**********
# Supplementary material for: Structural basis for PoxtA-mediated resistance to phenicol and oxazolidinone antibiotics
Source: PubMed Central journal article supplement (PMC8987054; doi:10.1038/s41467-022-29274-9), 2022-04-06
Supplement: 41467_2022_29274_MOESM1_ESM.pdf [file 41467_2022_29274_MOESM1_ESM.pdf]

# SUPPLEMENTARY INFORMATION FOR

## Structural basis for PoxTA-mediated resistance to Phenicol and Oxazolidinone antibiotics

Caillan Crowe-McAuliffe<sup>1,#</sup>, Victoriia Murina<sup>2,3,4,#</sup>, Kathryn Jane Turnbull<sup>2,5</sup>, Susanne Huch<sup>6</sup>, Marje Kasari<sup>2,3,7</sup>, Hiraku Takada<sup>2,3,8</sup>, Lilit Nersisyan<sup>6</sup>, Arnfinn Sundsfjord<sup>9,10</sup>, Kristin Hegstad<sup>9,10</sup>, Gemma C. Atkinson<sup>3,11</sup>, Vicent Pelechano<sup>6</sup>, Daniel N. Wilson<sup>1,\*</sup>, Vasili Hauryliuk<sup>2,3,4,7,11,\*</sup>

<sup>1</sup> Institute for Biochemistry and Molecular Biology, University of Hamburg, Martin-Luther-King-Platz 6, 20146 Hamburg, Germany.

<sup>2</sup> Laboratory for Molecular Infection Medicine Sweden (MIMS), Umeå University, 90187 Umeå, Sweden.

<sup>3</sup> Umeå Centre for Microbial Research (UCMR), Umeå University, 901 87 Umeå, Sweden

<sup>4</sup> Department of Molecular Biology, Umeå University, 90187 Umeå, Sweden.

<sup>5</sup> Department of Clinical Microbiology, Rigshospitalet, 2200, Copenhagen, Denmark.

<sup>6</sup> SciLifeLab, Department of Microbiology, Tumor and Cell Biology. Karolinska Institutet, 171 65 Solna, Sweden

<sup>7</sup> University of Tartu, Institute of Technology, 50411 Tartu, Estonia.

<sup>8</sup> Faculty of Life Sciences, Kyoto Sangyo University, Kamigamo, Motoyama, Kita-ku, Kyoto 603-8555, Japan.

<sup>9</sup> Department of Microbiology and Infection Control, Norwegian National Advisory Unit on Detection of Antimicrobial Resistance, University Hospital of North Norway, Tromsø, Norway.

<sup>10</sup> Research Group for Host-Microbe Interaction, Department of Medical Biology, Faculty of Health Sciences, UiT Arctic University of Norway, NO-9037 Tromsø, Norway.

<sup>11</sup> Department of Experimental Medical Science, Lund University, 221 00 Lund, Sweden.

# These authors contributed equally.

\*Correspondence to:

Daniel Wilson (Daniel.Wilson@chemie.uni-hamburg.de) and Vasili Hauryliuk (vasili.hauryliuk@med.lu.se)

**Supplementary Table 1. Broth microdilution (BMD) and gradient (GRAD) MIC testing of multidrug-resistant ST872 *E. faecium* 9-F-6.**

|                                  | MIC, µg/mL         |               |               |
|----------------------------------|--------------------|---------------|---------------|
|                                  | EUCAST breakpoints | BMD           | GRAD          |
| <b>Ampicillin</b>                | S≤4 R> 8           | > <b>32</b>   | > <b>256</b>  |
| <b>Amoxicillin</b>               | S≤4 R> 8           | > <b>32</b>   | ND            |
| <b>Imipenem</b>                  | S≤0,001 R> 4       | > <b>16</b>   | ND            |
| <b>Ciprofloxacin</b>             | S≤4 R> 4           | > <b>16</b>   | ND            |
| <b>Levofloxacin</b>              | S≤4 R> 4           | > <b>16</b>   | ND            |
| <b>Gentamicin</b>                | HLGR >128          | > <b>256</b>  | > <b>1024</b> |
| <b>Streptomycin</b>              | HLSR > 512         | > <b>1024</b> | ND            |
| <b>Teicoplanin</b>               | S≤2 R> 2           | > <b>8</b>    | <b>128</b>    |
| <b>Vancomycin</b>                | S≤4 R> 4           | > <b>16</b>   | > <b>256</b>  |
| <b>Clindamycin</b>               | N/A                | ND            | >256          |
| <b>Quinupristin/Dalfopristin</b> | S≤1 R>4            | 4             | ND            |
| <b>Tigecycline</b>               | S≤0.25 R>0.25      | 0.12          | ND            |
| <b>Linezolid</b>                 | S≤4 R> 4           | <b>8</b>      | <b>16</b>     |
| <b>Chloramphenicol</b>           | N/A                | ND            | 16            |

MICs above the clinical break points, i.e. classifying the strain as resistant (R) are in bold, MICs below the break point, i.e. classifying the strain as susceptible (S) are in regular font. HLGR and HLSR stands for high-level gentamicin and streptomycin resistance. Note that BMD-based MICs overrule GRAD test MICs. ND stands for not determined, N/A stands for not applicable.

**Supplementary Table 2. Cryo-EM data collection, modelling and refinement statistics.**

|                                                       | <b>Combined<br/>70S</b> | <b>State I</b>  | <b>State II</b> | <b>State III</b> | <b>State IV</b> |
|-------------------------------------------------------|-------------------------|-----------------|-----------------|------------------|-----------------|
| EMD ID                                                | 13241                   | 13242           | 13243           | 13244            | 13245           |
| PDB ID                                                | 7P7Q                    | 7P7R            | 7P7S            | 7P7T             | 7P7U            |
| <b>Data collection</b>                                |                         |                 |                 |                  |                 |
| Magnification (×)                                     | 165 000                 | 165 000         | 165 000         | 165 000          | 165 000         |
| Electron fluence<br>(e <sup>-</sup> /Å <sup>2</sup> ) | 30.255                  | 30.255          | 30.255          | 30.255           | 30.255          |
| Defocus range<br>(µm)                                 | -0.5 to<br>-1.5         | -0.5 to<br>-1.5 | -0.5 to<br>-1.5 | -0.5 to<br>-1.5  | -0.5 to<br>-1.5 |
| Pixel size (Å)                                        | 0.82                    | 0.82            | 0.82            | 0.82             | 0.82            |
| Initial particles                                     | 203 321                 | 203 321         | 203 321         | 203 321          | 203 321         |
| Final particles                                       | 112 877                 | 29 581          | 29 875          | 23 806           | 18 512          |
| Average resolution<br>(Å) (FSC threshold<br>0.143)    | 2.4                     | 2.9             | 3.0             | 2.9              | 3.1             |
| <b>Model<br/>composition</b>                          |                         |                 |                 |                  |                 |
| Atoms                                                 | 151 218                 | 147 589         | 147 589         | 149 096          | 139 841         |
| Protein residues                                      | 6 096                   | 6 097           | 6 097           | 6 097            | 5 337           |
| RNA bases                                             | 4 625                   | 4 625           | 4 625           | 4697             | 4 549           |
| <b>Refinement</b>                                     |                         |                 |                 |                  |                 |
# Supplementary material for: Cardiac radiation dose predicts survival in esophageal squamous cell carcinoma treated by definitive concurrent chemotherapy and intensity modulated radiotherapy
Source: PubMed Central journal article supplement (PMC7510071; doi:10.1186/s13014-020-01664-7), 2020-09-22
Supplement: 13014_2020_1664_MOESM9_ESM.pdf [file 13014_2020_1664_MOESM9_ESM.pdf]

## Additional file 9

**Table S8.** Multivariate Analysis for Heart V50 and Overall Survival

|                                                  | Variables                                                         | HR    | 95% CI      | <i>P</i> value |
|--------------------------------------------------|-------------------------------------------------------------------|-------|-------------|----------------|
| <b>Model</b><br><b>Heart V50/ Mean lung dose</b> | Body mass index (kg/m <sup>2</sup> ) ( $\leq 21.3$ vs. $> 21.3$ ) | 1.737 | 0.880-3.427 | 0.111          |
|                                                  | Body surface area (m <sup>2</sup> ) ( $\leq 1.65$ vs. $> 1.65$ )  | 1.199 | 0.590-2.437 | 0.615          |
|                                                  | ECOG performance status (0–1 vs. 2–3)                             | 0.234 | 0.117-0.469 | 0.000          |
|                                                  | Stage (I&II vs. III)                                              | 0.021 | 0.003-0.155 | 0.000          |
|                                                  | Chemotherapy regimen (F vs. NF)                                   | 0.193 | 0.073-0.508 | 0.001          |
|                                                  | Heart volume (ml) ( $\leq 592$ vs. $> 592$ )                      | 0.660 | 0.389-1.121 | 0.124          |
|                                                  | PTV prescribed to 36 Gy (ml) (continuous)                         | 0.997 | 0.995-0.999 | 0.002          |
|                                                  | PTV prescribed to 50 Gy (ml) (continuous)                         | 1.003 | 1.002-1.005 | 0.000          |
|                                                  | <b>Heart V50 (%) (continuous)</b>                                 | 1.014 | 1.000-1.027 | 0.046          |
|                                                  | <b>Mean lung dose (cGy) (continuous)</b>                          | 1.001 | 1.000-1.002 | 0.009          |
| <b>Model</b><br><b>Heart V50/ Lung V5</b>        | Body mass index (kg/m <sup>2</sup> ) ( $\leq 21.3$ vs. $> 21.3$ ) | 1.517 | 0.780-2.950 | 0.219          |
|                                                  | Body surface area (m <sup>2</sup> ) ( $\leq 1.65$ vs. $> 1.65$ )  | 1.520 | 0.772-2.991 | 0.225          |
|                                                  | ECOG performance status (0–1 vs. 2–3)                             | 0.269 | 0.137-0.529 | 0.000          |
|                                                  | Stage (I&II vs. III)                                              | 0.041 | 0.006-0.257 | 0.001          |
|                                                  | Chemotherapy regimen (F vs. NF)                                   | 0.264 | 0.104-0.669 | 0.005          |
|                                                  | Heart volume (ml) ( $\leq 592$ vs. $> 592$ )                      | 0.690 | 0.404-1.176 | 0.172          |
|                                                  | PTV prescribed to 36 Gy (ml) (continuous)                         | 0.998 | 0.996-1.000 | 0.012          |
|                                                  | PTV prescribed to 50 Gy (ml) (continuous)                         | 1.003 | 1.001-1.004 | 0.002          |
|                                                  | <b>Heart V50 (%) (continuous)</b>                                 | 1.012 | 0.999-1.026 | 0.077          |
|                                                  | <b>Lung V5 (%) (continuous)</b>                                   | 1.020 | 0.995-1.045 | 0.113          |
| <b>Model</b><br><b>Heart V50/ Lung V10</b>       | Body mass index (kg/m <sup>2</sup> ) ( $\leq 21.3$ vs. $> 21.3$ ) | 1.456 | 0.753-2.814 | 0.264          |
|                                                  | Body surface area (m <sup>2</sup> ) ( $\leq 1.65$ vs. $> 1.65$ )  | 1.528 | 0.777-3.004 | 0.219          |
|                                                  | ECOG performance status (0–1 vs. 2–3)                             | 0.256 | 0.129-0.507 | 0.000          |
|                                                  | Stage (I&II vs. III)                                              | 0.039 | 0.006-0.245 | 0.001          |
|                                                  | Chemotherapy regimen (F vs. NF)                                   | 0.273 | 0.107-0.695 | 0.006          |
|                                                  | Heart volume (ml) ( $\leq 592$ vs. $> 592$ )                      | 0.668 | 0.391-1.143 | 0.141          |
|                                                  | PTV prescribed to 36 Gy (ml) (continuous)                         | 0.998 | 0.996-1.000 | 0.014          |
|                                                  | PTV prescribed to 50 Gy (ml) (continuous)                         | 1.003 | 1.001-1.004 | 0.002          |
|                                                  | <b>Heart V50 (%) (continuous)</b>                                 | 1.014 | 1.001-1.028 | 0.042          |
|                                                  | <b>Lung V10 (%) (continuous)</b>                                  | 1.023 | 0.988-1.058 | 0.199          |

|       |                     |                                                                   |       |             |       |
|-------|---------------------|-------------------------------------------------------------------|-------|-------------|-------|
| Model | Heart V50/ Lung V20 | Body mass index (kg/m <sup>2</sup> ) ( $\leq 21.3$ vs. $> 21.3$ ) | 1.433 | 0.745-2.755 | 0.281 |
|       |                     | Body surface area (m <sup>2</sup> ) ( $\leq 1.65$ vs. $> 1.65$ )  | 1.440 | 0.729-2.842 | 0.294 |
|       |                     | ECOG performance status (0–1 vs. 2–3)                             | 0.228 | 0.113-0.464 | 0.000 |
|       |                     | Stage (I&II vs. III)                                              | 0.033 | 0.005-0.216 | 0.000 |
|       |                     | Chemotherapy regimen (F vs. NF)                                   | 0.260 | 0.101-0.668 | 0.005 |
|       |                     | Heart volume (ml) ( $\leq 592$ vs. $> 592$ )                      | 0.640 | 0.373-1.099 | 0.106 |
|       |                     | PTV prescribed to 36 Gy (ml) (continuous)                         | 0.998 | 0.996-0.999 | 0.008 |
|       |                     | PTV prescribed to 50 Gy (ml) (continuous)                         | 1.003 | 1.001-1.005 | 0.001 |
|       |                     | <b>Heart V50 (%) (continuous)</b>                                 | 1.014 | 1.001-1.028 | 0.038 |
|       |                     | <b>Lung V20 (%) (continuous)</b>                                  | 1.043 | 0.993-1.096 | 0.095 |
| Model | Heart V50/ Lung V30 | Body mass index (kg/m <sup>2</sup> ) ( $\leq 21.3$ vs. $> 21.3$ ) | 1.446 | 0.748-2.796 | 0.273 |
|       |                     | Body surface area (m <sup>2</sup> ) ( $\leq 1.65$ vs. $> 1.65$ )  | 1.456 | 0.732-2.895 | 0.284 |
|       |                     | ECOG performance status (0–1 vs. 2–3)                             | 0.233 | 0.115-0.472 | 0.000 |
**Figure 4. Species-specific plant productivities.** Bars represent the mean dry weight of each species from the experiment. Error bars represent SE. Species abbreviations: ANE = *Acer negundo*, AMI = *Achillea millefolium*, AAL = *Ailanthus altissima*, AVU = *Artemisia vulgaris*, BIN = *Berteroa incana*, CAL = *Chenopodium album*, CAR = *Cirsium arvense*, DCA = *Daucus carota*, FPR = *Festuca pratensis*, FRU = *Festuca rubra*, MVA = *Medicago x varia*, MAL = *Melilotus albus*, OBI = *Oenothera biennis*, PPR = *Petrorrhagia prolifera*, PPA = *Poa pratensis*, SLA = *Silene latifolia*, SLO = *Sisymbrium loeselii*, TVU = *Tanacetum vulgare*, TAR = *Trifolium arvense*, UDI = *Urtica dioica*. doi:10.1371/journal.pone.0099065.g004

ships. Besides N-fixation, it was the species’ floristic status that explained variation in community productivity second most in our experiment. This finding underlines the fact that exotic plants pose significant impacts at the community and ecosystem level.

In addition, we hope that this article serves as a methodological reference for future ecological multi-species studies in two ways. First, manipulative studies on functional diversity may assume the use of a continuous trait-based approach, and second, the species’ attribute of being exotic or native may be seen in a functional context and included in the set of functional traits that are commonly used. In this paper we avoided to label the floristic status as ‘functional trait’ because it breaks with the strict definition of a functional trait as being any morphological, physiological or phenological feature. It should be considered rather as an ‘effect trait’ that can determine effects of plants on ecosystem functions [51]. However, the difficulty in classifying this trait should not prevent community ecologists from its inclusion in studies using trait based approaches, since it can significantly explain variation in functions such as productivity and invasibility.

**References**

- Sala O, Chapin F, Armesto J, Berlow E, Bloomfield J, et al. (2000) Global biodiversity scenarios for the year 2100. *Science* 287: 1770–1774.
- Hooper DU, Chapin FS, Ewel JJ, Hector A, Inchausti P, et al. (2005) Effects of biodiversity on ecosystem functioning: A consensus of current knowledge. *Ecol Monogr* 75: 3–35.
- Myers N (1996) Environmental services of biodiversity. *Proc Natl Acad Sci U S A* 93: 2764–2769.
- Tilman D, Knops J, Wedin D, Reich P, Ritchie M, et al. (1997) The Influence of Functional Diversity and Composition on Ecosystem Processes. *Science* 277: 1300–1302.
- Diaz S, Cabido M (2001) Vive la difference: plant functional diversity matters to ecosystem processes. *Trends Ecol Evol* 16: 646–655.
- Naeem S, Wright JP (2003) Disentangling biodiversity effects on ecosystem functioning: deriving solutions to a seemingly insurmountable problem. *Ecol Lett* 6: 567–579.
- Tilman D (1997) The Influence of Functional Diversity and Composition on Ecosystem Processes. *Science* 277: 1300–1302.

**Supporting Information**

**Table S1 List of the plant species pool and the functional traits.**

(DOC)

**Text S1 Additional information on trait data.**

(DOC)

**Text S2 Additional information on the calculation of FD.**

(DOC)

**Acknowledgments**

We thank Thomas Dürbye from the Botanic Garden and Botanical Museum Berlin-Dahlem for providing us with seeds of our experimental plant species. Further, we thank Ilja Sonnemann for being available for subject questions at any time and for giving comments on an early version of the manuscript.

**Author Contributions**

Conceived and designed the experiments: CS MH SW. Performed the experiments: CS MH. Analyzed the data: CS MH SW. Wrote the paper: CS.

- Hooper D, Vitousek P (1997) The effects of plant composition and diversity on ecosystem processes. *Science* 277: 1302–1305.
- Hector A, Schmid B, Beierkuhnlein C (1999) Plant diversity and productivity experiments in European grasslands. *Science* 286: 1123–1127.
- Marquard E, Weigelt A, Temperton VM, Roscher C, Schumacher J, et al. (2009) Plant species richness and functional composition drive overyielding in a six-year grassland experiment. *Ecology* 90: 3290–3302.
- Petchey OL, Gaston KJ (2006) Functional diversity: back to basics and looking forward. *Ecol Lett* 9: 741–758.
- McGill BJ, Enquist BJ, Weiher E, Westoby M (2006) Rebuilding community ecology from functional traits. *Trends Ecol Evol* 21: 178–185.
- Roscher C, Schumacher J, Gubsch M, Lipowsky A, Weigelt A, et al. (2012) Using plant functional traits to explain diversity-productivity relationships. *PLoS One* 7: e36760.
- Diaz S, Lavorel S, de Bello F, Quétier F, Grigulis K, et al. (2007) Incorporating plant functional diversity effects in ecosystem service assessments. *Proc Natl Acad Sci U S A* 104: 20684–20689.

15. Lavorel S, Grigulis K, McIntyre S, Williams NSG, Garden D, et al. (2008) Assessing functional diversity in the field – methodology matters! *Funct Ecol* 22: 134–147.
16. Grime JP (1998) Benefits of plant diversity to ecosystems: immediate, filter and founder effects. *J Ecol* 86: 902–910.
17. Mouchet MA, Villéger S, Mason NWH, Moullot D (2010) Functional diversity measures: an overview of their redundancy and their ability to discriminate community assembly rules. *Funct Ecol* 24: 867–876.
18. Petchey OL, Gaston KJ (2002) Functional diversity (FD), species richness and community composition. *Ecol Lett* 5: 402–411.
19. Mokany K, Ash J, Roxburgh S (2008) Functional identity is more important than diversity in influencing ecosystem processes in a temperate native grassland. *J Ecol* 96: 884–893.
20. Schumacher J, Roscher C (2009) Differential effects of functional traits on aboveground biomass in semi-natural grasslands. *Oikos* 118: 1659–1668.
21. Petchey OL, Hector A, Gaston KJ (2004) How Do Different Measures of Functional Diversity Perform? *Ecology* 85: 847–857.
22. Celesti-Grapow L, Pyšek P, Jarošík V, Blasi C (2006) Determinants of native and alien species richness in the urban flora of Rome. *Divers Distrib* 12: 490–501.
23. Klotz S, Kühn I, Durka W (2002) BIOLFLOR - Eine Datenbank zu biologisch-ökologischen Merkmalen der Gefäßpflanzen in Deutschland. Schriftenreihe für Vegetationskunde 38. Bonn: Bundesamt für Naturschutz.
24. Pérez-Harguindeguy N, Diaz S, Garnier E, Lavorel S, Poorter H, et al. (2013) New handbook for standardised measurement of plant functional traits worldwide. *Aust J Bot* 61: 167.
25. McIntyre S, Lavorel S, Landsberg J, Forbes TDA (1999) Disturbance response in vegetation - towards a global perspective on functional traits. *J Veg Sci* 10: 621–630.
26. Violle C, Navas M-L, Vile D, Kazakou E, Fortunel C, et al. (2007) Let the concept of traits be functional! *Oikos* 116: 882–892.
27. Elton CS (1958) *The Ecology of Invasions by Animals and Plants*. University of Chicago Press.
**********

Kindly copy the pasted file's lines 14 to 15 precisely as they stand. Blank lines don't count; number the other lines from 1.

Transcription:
<sup>8</sup> Faculty of Life Sciences, Kyoto Sangyo University, Kamigamo, Motoyama, Kita-ku, Kyoto 603-8555, Japan.

<sup>9</sup> Department of Microbiology and Infection Control, Norwegian National Advisory Unit on Detection of Antimicrobial Resistance, University Hospital of North Norway, Tromsø, Norway.